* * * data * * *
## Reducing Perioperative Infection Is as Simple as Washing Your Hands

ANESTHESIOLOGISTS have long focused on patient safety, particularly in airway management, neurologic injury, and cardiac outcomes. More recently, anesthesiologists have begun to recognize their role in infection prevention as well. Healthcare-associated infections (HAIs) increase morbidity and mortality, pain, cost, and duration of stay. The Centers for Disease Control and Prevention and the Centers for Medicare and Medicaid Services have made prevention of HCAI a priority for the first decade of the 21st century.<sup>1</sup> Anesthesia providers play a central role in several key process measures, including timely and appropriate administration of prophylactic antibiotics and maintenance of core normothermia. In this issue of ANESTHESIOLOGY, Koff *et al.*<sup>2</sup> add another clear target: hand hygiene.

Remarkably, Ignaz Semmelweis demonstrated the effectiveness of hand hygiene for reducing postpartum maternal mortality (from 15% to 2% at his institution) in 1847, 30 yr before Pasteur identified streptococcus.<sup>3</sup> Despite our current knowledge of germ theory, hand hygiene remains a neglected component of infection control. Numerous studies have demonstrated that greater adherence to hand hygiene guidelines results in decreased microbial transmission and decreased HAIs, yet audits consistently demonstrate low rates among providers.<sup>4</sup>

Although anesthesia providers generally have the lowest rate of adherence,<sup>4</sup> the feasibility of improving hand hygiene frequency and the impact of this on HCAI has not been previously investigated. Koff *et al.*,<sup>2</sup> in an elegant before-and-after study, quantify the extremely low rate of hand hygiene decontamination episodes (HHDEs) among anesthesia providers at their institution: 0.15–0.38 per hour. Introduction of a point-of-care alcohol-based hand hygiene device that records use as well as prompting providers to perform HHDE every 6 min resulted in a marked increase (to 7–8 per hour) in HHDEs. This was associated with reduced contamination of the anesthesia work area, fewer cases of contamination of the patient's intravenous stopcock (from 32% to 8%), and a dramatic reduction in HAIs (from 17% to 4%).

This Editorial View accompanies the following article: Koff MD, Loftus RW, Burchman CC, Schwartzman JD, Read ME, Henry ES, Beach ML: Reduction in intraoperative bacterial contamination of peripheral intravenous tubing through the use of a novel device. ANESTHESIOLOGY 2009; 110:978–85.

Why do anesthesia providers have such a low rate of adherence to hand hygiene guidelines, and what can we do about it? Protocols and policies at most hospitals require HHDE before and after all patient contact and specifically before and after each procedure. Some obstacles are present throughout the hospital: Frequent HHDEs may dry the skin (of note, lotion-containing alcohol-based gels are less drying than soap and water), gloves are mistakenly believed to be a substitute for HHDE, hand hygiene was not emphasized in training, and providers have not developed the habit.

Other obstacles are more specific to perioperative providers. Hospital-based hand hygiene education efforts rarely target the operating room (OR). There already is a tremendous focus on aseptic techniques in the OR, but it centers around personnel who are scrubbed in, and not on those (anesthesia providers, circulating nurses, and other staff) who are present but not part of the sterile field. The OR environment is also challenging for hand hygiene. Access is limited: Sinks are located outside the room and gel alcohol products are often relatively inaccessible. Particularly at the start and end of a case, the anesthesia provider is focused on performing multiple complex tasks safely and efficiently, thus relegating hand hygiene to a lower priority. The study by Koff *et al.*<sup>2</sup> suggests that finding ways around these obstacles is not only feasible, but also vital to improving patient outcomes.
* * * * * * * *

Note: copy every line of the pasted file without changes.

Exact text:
## Reducing Perioperative Infection Is as Simple as Washing Your Hands

ANESTHESIOLOGISTS have long focused on patient safety, particularly in airway management, neurologic injury, and cardiac outcomes. More recently, anesthesiologists have begun to recognize their role in infection prevention as well. Healthcare-associated infections (HAIs) increase morbidity and mortality, pain, cost, and duration of stay. The Centers for Disease Control and Prevention and the Centers for Medicare and Medicaid Services have made prevention of HCAI a priority for the first decade of the 21st century.<sup>1</sup> Anesthesia providers play a central role in several key process measures, including timely and appropriate administration of prophylactic antibiotics and maintenance of core normothermia. In this issue of ANESTHESIOLOGY, Koff *et al.*<sup>2</sup> add another clear target: hand hygiene.

Remarkably, Ignaz Semmelweis demonstrated the effectiveness of hand hygiene for reducing postpartum maternal mortality (from 15% to 2% at his institution) in 1847, 30 yr before Pasteur identified streptococcus.<sup>3</sup> Despite our current knowledge of germ theory, hand hygiene remains a neglected component of infection control. Numerous studies have demonstrated that greater adherence to hand hygiene guidelines results in decreased microbial transmission and decreased HAIs, yet audits consistently demonstrate low rates among providers.<sup>4</sup>

Although anesthesia providers generally have the lowest rate of adherence,<sup>4</sup> the feasibility of improving hand hygiene frequency and the impact of this on HCAI has not been previously investigated. Koff *et al.*,<sup>2</sup> in an elegant before-and-after study, quantify the extremely low rate of hand hygiene decontamination episodes (HHDEs) among anesthesia providers at their institution: 0.15–0.38 per hour. Introduction of a point-of-care alcohol-based hand hygiene device that records use as well as prompting providers to perform HHDE every 6 min resulted in a marked increase (to 7–8 per hour) in HHDEs. This was associated with reduced contamination of the anesthesia work area, fewer cases of contamination of the patient's intravenous stopcock (from 32% to 8%), and a dramatic reduction in HAIs (from 17% to 4%).

This Editorial View accompanies the following article: Koff MD, Loftus RW, Burchman CC, Schwartzman JD, Read ME, Henry ES, Beach ML: Reduction in intraoperative bacterial contamination of peripheral intravenous tubing through the use of a novel device. ANESTHESIOLOGY 2009; 110:978–85.

Why do anesthesia providers have such a low rate of adherence to hand hygiene guidelines, and what can we do about it? Protocols and policies at most hospitals require HHDE before and after all patient contact and specifically before and after each procedure. Some obstacles are present throughout the hospital: Frequent HHDEs may dry the skin (of note, lotion-containing alcohol-based gels are less drying than soap and water), gloves are mistakenly believed to be a substitute for HHDE, hand hygiene was not emphasized in training, and providers have not developed the habit.

Other obstacles are more specific to perioperative providers. Hospital-based hand hygiene education efforts rarely target the operating room (OR). There already is a tremendous focus on aseptic techniques in the OR, but it centers around personnel who are scrubbed in, and not on those (anesthesia providers, circulating nurses, and other staff) who are present but not part of the sterile field. The OR environment is also challenging for hand hygiene. Access is limited: Sinks are located outside the room and gel alcohol products are often relatively inaccessible. Particularly at the start and end of a case, the anesthesia provider is focused on performing multiple complex tasks safely and efficiently, thus relegating hand hygiene to a lower priority. The study by Koff *et al.*<sup>2</sup> suggests that finding ways around these obstacles is not only feasible, but also vital to improving patient outcomes.